U.S. high-speed rail is a running joke. Europe’s rail, on the other hand, is actually a system that will get you somewhere fast.
In an insightful article for Grist, author Ben Adler explains how that came to be.
The reasons for the big differences rest on two main factors, according to Adler. One is space. The U.S. has a ton of it, whereas European countries are compact. The continent’s dense cities, which sit like islands in the precious countryside, are ideal for fast rail links. “Despite, or perhaps ironically because of, Europe’s greater density, you are far closer to the countryside when in a major city,” writes Adler. “There is no equivalent to the U.S.’s unending hellscape of highways, strip malls, fast food drive-thrus, and auto-body shops.”
That might not sound like it matters, but where would you put your high-speed rail station in, say, Los Angeles? The city is so sprawling, it’s hard to say where the logical center might be. Even when you do decide, almost everyone will have to travel a long way (by car) to get there. “When leaving Berlin, on the other hand,” Adler says, “in less than half an hour you’re whisked from the capital’s center to cornfields and cow pastures.”
The other reason is the car. Adler again: “Europeans’ cities were more built up before the car, and they didn’t then tear their cities apart to accommodate cars and facilitate sprawl, as Americans did.” This has led to other problems in Europe, like cars careening through streets built for foot traffic, but it does mean the entire continent’s infrastructure supports the central-hub system that’s ideal for fast rail links.
Given those two problems, it’s no surprise that we’ve created a vicious cycle: nobody uses the railways, and because nobody uses them, they’re not really economically viable. Contrast Adler’s description of the German InterCity Express with your most recent Amtrak nightmare.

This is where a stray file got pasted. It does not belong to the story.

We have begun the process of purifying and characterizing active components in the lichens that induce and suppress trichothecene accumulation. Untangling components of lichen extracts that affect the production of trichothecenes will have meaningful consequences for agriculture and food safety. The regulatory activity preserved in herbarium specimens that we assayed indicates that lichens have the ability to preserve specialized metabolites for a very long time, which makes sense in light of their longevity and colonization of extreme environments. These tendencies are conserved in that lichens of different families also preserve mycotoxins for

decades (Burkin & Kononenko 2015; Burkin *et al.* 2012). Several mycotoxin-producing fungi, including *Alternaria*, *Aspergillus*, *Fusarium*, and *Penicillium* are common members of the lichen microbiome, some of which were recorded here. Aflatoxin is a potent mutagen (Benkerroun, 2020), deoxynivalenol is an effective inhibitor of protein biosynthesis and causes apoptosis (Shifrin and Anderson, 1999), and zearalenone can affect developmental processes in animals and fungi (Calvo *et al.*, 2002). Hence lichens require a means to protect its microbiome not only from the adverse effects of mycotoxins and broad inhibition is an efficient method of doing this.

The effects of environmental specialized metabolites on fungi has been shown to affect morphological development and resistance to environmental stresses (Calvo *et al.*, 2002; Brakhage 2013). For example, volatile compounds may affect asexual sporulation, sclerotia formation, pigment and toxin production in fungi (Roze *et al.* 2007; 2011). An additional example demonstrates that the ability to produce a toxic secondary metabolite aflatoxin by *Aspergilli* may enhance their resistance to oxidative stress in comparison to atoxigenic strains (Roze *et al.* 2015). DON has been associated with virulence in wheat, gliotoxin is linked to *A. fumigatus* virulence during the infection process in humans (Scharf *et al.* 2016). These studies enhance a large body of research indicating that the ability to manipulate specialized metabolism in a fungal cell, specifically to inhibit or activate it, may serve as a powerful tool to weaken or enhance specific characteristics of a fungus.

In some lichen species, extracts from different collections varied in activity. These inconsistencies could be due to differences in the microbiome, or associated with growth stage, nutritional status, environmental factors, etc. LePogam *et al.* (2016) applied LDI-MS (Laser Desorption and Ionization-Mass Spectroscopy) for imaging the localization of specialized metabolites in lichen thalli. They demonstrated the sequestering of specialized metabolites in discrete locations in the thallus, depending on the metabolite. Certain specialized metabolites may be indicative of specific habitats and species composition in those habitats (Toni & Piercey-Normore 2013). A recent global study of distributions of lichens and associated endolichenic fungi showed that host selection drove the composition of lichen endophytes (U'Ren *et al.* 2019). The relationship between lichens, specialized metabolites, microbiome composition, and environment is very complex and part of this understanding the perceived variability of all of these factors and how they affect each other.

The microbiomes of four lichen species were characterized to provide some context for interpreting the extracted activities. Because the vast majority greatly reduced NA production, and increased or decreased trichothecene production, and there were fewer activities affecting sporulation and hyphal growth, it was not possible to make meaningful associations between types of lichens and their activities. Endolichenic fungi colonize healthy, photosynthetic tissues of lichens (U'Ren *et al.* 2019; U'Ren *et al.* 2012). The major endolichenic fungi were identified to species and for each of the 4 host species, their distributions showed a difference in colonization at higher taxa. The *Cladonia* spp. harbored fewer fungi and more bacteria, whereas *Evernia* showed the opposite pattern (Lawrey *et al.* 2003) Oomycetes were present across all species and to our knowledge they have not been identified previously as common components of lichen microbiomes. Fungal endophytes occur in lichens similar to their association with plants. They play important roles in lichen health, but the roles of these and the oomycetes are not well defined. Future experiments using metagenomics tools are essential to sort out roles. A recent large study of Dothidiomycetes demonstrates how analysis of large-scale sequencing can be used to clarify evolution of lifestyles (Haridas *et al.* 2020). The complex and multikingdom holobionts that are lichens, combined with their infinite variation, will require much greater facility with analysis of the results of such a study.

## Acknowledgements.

Germany’s InterCity Express (ICE) ride is as smooth as a Mercedes on the Autobahn. The conductor comes around politely offering to bring you coffee. The bathroom doors open electronically with the push of a button for disability access. There’s no perennial stopping and starting of the train, no grumpy barking conductor, no herky-jerky rolling of the bathroom doors, none of Amtrak’s chronically late arrivals. And on German trains, the wi-fi actually works.
A report from the German Marshall Fund of the United States details the lessons that California should take from the German HSR systems, investing not just in the railways lines and cars, but putting stations in the centers of cities, and tying them together with urban transport systems, like San Francisco’s Muni, tram and bus networks. This holistic approach is key to edging the car out of our cities. The benefits are huge:
Making trips by high-speed rail results in much lower carbon emissions than driving a car or flying. But another great thing about rail is that it works together with local transit systems to eliminate car trips once you’ve reached your destination city.
That means being denser, with walkable and bikeable streets, public-transit systems, and regional commuter-rail lines to the suburbs. That would allow people to arrive in town on the train and hop on a bus or subway, or hail an affordable taxi, to get to their final destination and then get around while they are in town.
It’s not only possible but easy to live car-free in a European city. In fact, for many, it’s the normal thing to do, with cheap car rental filling in any cracks in your travel plans. It won’t be easy or cheap to rebuild a countrywide rail network in the U.S, but the benefits of doing so are pretty obvious. Just take a look at this map, which shows how things could be.